Radial vs. Bilateral Symmetry
Symmetry is the arrangement of body parts such that they can be divided equally along an imaginary line or axis. Considering various organisms’ different shapes and orientations, scientists have developed three basic types of symmetry – radial, bilateral, or asymmetrical.
Radial symmetry is the arrangement of body parts around a central axis. It is similar to the sun’s rays or a sliced pie. Radially symmetrical organisms have a top and a bottom surface. However, they do not have left or right sides and separate front or rear portions.
In contrast, bilateral symmetry is a body arrangement that divides the organism into two halves through a sagittal plane. The two halves, left and right, are mirror images. Animals with bilateral symmetry have a head (anterior) and tail (posterior), front (dorsal) and back (ventral), and right and left sides.
Again, in the phylum Porifera (sponges), organisms have no body symmetry and are thus called asymmetrical. These groups of animals share a simple body plan. Sponges have no brains, nerve cells, or organs. Some fish species, like flounder, also lack symmetry as they become adults.
What is the Difference between Radial and Bilateral Symmetry
|Basis||Radial Symmetry||Bilateral Symmetry|
|Division into Left and Right Sides||Divides the body into multiple identical halves around the central axis||Divides the body into 2 identical halves (right and left) along the central axis, the sagittal plane|
|Arrangement of Similar Body Parts||Similar body parts are arranged in a similar manner around the central axis||Similar body parts are arranged in the same way on both sides equally|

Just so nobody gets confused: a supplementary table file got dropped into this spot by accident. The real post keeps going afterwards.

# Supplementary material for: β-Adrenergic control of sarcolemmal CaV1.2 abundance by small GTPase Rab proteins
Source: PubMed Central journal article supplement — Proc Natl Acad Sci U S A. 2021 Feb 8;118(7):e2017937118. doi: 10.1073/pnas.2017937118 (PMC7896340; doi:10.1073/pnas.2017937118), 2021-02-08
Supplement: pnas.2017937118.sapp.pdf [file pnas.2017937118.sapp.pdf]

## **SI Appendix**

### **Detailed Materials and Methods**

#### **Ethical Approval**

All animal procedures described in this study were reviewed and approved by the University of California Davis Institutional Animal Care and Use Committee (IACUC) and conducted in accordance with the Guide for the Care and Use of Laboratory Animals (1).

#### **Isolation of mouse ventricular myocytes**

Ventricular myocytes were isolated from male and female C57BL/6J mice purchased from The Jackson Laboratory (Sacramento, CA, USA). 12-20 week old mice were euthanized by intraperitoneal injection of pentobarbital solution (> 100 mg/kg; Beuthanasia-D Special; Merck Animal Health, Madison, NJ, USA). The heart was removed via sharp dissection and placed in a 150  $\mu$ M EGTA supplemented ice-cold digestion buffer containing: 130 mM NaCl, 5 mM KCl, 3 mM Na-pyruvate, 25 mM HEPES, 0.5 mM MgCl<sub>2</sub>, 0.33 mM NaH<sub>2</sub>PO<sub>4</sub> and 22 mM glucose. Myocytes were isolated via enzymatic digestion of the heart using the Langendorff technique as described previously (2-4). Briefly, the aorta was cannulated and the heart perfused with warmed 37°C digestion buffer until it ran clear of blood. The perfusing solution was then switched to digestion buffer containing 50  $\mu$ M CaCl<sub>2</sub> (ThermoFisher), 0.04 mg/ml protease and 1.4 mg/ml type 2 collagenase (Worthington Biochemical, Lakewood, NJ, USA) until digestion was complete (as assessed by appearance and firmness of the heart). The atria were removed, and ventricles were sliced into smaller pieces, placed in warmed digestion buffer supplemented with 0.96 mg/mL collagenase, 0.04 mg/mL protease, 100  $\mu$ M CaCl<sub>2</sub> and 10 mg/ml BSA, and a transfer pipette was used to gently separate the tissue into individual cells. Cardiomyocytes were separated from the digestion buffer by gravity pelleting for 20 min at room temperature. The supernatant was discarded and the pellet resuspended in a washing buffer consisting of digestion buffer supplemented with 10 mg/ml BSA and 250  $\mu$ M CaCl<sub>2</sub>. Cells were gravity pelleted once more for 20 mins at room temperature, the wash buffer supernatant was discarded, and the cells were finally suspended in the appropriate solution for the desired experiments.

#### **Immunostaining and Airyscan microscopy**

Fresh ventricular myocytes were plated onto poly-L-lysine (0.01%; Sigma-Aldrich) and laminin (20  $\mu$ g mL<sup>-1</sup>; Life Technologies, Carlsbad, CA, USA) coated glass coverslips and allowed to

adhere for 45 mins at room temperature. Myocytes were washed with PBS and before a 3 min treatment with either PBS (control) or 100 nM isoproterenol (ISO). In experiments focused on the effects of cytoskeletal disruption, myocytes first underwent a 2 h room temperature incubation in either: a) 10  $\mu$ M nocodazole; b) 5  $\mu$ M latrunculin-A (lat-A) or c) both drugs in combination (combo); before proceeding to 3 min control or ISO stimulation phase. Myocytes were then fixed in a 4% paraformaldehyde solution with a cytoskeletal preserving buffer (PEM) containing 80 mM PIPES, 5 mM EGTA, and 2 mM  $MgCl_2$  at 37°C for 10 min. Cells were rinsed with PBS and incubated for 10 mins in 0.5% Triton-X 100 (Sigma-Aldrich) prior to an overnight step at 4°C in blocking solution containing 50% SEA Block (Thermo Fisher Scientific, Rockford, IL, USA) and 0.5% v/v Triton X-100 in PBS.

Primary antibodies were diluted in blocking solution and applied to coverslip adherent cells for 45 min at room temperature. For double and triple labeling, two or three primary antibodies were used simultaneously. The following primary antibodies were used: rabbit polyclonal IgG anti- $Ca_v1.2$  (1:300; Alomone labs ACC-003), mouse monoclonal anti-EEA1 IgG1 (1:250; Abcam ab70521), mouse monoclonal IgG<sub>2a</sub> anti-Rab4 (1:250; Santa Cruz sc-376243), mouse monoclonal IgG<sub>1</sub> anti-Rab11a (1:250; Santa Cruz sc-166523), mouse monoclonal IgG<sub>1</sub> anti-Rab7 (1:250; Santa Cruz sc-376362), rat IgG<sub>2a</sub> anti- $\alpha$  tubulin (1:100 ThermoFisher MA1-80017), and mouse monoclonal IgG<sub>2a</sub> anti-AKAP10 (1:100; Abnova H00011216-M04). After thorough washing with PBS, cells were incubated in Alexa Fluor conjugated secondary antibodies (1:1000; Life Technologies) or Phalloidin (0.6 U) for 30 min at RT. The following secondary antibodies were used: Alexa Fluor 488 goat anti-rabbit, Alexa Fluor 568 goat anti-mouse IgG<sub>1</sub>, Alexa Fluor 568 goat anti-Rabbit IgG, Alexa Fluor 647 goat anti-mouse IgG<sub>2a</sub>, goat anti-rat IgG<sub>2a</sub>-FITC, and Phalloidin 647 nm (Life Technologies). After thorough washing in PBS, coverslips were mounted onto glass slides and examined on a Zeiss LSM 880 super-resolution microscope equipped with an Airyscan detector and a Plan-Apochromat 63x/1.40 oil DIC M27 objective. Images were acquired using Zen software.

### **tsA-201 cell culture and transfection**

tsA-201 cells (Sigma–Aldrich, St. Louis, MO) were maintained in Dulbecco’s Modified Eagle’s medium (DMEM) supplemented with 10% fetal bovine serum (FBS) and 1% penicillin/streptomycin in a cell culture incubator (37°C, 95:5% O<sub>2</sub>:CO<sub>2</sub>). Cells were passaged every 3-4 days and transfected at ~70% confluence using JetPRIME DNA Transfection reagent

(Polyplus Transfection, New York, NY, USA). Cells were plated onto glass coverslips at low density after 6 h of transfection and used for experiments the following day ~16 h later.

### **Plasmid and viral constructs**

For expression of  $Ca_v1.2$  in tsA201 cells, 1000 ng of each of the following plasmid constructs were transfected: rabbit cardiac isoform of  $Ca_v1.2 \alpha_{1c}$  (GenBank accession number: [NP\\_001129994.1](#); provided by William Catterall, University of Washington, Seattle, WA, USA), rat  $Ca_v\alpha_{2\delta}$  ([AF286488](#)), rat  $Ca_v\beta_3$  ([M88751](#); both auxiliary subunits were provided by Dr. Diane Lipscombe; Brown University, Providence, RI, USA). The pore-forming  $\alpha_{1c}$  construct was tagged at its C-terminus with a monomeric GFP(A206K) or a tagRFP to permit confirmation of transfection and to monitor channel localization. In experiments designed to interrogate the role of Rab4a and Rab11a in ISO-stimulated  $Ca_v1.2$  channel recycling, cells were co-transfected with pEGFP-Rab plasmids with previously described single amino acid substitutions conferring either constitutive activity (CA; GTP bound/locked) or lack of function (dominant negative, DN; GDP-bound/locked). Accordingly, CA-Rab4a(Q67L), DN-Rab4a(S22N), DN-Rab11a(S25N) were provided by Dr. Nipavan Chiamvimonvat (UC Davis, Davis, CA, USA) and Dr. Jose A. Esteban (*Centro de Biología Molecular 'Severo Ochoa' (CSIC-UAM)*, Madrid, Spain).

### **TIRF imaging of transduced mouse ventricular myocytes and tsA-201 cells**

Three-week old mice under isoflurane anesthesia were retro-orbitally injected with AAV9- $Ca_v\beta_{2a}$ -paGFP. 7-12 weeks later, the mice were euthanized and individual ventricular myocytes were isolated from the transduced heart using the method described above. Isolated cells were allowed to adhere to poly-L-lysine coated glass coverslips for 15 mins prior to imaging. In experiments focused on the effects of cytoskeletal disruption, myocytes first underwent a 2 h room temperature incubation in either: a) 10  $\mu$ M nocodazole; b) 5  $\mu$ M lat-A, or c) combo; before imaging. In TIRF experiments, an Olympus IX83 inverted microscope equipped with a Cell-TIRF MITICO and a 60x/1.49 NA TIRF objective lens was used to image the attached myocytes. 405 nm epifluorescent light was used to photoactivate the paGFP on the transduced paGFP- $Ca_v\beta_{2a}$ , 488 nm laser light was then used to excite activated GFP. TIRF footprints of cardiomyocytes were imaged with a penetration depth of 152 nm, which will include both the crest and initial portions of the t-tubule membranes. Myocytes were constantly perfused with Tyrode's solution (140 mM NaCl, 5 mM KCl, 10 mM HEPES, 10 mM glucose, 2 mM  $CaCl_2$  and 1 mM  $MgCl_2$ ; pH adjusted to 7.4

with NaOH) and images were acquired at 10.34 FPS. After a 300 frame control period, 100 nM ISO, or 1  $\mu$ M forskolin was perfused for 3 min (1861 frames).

|Examples||Jellyfish, starfish, sea urchin, and sea anemone||Humans, insects, orchids, and flowers|
|Habitat of Organisms||1. All are found in water (marine organisms) 2. Less common in animals than bilateral symmetry||1. Found in both aquatic and terrestrial habitats 2. More common in animals than radial symmetry|
|Characteristics of Organisms||1. Have many lines of symmetry 2. Have a top and a bottom region but do not have a front or back or distinctive left and right sides. 3. Have a side with the mouth (oral side) and a side without the mouth (aboral side) 4. Move slowly, primarily sessile. 5. Animals can obtain food or evade predators coming from any direction||1. Have one line of symmetry 2. Have a different head (anterior) and tail (posterior) region 3. Have a top (dorsal) and bottom (ventral) side 4. Move more quickly than animals with a radially symmetrical body plan 5. Animals can obtain food or evade predators coming only from the front|
|6. Advantages in Organisms||Have poor eyesight and hearing than those with bilateral symmetry||Have better eyesight and hearing than those with radial symmetry|
|6. Development of Head||It is rare in front of the body||It is commonly found in front of the body|
Bilateral symmetry is the most spread biological symmetry among organisms, particularly in higher and complex organisms. Most animals we know have bilateral symmetry. In contrast, radial symmetry is mainly found in marine organisms and some plants. Also, organisms with bilateral symmetry have some survival advantages over radially symmetrical organisms.
Article was last reviewed on Wednesday, June 29, 2022